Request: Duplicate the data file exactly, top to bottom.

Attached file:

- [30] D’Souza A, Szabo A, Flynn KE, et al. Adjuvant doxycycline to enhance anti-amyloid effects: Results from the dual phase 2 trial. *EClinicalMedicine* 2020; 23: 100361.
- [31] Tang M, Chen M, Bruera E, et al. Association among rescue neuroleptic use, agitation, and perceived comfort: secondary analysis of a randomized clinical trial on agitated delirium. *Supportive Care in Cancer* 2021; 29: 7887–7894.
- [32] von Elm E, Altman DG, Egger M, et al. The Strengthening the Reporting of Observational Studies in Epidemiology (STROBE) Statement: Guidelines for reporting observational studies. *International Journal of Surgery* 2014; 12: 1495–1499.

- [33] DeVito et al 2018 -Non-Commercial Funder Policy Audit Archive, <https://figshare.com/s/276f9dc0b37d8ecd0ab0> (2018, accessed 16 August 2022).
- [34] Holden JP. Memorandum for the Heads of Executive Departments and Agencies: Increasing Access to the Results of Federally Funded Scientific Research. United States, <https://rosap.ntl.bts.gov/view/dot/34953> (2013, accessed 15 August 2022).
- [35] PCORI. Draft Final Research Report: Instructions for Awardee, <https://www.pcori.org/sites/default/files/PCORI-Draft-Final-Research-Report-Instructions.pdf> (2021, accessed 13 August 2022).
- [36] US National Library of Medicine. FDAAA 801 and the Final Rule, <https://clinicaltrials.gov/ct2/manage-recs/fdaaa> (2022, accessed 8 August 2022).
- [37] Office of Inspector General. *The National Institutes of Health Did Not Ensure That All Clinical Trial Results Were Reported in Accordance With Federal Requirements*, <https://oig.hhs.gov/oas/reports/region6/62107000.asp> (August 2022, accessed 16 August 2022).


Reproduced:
- [30] D’Souza A, Szabo A, Flynn KE, et al. Adjuvant doxycycline to enhance anti-amyloid effects: Results from the dual phase 2 trial. *EClinicalMedicine* 2020; 23: 100361.
- [31] Tang M, Chen M, Bruera E, et al. Association among rescue neuroleptic use, agitation, and perceived comfort: secondary analysis of a randomized clinical trial on agitated delirium. *Supportive Care in Cancer* 2021; 29: 7887–7894.
- [32] von Elm E, Altman DG, Egger M, et al. The Strengthening the Reporting of Observational Studies in Epidemiology (STROBE) Statement: Guidelines for reporting observational studies. *International Journal of Surgery* 2014; 12: 1495–1499.

- [33] DeVito et al 2018 -Non-Commercial Funder Policy Audit Archive, <https://figshare.com/s/276f9dc0b37d8ecd0ab0> (2018, accessed 16 August 2022).
- [34] Holden JP. Memorandum for the Heads of Executive Departments and Agencies: Increasing Access to the Results of Federally Funded Scientific Research. United States, <https://rosap.ntl.bts.gov/view/dot/34953> (2013, accessed 15 August 2022).
- [35] PCORI. Draft Final Research Report: Instructions for Awardee, <https://www.pcori.org/sites/default/files/PCORI-Draft-Final-Research-Report-Instructions.pdf> (2021, accessed 13 August 2022).
- [36] US National Library of Medicine. FDAAA 801 and the Final Rule, <https://clinicaltrials.gov/ct2/manage-recs/fdaaa> (2022, accessed 8 August 2022).
- [37] Office of Inspector General. *The National Institutes of Health Did Not Ensure That All Clinical Trial Results Were Reported in Accordance With Federal Requirements*, <https://oig.hhs.gov/oas/reports/region6/62107000.asp> (August 2022, accessed 16 August 2022).